Music: Royal Philharmonic residency Royal Albert Hall, London

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"Not just a concert" trumpeted the programme book for the opening of the Royal Philharmonic's new season at the Albert Hall on Monday evening. True, the orchestra was officially initiating its new residency at the home of the Promenade concerts, and there was much speechifying at the outset, with messages of goodwill from the broadcaster Robin Ray - the orchestra is, after all, Classic FM's very own - and from Lady Groves, while Janet Ritterman, Principal of the Royal College of Music, spoke of a new education scheme involving the college and orchestra.

In the wake of these preliminaries, however, what we heard was still just a concert, quite a pleasant one, but hardly characterised by a sense of musical occasion to match the event. The proceedings opened in a lively manner, nevertheless, with Gareth Wood's Fanfare: Flying High, which flung together post-Waltonian brass challenges, rushing scales and a few judiciously incorporated modernisms in a rousing mix.

After this preludial offering, we heard another in the shape of Walton's Crown Imperial March, and then yet another in Elgar's Cockaigne overture, fine pieces but hardly calculated to yield the blend of contrasting and complementary qualities that makes for good programme-building. The performances, under the orchestra's principal conductor Yuri Temirkanov, were vigorous and, as far as one could tell from a seat next to the low brass and strings, warmly balanced. With the first and second violins a distant dream, however, and the cellos facing directly away, listening had to be more than usually imaginative.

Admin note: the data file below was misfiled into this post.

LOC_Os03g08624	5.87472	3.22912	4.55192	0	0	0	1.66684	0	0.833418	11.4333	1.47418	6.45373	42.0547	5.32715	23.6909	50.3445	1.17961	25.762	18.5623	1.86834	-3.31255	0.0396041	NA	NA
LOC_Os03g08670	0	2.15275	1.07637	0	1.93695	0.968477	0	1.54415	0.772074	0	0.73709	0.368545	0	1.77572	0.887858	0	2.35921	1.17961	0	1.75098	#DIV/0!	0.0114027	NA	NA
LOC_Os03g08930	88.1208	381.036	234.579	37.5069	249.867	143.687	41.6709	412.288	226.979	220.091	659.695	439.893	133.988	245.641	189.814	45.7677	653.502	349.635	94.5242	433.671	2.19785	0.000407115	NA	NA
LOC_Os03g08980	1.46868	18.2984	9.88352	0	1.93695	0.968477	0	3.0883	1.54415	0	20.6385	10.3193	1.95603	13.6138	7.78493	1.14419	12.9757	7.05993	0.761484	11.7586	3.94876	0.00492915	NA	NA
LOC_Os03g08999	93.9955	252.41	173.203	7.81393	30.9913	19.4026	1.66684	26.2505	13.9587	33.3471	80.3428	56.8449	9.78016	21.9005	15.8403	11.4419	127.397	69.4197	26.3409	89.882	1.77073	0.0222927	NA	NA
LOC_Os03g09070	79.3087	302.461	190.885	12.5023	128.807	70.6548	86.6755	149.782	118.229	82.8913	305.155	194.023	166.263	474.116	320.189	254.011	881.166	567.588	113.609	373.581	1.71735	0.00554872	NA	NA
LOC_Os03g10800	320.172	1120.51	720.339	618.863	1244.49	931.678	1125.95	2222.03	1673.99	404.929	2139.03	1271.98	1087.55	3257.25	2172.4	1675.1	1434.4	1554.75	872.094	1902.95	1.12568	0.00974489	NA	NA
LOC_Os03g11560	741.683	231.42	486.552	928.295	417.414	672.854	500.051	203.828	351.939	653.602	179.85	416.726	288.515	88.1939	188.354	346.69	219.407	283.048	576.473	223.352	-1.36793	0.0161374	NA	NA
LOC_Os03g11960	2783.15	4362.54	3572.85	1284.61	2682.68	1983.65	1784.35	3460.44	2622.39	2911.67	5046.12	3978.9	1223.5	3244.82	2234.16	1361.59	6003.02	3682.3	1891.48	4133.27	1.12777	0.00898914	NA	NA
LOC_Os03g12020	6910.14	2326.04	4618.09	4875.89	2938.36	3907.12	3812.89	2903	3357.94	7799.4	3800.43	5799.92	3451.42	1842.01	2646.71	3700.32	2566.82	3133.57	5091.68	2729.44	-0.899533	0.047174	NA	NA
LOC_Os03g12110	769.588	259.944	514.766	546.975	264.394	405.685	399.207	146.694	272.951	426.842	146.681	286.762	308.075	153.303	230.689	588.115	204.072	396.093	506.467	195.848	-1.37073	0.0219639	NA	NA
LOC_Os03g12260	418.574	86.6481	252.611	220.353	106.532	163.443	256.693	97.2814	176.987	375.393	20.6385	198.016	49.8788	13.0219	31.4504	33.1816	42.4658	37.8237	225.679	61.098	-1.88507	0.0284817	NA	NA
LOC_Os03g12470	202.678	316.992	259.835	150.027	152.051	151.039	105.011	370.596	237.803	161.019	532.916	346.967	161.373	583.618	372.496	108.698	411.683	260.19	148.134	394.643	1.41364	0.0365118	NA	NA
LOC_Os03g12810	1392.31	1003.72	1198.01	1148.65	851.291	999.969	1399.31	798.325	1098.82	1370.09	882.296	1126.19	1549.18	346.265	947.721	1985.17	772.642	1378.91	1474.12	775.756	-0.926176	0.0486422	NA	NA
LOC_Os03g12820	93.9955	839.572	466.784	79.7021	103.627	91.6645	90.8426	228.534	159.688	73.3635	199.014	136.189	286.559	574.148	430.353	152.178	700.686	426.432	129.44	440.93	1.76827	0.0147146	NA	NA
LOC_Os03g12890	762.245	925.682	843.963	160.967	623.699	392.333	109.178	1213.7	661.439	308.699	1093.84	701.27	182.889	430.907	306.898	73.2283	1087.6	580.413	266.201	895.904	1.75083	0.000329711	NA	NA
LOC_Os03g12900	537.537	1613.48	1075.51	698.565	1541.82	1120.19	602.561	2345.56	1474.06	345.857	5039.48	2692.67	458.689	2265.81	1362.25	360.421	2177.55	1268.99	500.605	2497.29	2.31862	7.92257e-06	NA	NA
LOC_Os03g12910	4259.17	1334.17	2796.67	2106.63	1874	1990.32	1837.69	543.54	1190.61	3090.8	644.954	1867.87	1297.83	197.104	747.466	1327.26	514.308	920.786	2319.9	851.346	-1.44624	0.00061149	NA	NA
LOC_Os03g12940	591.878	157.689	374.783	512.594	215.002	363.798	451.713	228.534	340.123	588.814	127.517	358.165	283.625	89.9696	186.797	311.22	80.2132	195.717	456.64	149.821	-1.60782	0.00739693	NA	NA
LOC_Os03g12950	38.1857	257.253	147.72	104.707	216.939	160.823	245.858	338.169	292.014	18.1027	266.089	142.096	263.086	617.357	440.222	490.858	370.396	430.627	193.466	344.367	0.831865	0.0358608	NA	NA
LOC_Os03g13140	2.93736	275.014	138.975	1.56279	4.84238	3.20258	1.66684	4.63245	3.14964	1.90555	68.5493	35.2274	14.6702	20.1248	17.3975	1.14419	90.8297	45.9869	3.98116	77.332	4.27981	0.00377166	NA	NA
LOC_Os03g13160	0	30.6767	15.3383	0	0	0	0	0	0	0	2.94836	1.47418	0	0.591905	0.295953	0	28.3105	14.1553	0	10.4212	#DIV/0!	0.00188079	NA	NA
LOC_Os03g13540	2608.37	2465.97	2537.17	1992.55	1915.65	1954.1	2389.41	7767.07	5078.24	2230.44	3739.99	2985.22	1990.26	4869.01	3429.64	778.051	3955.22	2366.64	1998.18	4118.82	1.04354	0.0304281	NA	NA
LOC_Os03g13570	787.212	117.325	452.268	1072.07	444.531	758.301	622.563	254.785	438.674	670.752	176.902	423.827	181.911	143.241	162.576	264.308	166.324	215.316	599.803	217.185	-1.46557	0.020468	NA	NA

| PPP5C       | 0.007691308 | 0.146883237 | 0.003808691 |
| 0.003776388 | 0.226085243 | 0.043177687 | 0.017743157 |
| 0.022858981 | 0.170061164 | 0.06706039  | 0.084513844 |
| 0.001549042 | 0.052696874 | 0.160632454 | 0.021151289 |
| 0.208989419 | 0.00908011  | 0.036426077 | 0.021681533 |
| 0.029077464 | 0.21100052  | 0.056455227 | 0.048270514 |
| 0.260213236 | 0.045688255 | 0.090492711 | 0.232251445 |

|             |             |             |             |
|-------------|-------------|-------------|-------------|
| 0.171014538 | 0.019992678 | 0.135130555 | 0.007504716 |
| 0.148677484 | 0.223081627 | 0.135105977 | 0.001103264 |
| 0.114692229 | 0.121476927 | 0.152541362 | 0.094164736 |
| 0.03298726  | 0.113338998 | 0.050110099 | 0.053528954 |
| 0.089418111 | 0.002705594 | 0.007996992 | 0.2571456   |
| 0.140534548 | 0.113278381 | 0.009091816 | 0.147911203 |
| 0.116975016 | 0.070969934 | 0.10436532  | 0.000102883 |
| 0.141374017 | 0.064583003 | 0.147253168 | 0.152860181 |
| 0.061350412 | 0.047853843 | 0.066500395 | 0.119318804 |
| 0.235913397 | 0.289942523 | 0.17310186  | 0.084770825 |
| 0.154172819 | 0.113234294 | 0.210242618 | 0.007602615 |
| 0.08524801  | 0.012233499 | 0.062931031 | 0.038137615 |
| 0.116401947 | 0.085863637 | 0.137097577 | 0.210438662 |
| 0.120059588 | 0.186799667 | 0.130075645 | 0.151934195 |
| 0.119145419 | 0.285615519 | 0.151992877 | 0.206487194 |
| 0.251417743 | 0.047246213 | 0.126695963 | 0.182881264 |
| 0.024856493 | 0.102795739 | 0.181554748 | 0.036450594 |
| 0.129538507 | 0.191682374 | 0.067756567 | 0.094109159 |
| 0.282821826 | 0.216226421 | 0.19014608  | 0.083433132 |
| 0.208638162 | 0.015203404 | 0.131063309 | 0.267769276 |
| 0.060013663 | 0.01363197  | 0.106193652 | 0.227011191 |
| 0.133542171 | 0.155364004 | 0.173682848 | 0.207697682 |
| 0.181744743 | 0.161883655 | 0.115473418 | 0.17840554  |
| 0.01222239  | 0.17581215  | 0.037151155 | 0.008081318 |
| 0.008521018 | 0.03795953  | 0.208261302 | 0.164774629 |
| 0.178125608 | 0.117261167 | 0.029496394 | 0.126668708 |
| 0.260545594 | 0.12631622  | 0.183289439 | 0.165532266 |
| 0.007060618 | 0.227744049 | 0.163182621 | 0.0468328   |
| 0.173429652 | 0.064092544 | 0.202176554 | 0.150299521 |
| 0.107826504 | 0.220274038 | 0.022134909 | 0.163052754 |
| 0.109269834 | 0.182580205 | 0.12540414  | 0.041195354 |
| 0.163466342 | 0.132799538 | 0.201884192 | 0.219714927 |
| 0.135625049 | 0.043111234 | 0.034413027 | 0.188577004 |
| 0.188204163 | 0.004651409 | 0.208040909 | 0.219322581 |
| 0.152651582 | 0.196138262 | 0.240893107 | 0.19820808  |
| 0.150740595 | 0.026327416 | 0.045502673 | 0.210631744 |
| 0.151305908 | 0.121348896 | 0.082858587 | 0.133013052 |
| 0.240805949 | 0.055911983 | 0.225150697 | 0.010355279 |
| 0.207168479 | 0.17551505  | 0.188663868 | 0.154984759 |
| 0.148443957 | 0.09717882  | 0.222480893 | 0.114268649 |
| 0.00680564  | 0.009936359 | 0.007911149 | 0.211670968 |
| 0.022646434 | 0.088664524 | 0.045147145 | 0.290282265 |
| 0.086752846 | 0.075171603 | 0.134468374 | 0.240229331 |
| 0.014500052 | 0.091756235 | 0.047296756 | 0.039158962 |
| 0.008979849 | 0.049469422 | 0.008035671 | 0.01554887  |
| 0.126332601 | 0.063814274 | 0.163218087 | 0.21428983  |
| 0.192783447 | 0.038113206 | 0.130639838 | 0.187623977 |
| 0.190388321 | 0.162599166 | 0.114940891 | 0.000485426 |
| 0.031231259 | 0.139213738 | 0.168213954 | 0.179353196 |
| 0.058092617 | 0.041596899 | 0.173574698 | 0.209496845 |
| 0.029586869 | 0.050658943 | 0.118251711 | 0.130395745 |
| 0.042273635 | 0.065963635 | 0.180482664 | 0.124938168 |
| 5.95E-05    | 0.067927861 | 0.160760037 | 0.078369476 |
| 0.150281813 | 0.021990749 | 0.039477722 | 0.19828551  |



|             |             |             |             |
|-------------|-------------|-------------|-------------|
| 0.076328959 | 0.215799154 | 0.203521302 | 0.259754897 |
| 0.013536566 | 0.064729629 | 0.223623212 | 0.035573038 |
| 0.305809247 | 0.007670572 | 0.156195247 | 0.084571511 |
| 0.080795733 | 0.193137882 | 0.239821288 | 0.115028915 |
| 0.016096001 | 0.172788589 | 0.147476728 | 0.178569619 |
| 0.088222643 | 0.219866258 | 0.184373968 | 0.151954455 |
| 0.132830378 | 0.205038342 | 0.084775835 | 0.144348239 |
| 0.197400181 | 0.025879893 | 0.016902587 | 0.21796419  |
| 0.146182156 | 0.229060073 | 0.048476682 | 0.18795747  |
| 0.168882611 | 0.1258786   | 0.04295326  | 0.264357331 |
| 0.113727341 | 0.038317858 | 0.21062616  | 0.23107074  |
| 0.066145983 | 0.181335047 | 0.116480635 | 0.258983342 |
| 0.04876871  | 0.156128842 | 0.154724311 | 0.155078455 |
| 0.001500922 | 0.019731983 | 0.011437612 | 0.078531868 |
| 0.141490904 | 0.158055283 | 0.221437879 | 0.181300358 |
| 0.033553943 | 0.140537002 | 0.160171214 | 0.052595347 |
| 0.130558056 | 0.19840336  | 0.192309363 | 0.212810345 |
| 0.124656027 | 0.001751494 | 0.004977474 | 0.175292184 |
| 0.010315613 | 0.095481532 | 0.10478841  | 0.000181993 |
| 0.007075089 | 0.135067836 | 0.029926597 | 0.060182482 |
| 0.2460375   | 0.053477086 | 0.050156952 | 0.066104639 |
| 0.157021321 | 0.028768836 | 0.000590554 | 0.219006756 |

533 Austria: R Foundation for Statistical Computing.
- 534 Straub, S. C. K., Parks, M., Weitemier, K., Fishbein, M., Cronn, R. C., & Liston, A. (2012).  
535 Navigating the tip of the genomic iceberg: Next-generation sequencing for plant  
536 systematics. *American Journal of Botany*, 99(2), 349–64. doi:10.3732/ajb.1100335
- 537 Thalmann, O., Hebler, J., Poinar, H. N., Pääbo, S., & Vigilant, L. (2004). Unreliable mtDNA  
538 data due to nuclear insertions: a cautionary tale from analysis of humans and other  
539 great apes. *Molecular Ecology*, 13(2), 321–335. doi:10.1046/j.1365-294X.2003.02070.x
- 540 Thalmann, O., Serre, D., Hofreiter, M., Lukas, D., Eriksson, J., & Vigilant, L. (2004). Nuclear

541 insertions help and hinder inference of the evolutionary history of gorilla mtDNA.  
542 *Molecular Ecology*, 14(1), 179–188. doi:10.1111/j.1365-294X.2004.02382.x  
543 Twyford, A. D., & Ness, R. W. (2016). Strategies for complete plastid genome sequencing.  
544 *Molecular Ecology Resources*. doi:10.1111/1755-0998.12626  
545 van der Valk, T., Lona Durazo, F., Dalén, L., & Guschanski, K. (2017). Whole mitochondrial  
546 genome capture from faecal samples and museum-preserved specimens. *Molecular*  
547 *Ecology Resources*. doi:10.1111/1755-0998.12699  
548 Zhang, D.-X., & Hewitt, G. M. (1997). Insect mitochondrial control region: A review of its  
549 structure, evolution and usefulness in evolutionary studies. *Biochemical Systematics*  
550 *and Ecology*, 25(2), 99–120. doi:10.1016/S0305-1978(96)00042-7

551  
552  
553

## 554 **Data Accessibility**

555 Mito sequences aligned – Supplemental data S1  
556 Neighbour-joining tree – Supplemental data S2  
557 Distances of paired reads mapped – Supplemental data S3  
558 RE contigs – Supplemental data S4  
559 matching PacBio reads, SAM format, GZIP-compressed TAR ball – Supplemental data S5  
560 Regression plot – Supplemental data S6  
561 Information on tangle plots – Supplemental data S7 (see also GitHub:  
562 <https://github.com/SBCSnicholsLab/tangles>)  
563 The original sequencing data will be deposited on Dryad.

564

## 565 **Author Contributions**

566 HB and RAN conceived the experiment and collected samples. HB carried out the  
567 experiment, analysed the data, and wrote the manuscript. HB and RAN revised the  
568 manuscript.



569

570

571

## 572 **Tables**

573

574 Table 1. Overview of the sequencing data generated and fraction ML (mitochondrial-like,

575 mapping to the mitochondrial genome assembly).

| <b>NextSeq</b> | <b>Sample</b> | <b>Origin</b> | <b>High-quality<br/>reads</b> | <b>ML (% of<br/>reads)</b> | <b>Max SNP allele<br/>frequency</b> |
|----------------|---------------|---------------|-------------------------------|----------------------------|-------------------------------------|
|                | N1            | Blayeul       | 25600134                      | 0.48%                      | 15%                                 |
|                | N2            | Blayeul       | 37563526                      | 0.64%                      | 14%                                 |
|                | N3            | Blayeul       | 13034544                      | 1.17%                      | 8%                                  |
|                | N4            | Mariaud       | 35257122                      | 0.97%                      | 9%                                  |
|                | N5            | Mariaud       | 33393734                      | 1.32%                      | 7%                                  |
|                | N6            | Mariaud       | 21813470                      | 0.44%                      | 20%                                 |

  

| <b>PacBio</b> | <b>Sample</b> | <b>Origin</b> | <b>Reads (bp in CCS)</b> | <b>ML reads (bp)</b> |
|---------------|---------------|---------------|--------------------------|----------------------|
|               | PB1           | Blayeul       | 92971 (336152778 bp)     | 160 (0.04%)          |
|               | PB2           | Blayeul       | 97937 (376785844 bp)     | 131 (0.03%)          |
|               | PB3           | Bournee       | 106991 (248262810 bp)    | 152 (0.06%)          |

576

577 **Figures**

At this point we heard Tchaikovsky's Violin Concerto, and the strong contrast in style and texture certainly freshened our palates. The soloist was Viktoria Mullova, and this demanding work focused perfectly her extraordinary technical accomplishment. The trouble was that, once one had grown accustomed to her ability to make light of the most hair-raising demands, there was little left in terms of expressive warmth or heartening emotion. In fact, the orchestra's beautifully poised wind obbligatos at key lyric moments revealed more of Tchaikovsky's glowing lyricism, and the cantabile paragraphs in which the solo part abounds went coolly on their way without apparently engaging Mullova's deeper feelings.

After the interval, we heard the Mussorgsky / Ravel Pictures at an Exhibition, and Ravel's dazzling orchestral imagination allowed various sections in the orchestra to shine. Most revealing of the arrangement's intentions was the brass section, which brought a sonorous mystery to the extraordinary echo effects of "Catacombs" and a primeval bellowing to "The Hut on Fowl's Legs", probing Mussorgsky's psychological and picturesque strengths in equal measure.

Again, it was not always possible to gain a true impression of the orchestral balance, but the tintinnabulating final pages resonated excitingly, and Temirkanov's characterisation of each perfectly realised picture yielded individual images of striking immediacy, while drawing all together into a satisfying stroll round the gallery.

n The RPO at the RAH: Verdi's Requiem, Sunday 7.30pm. Booking: 0171-589 8212

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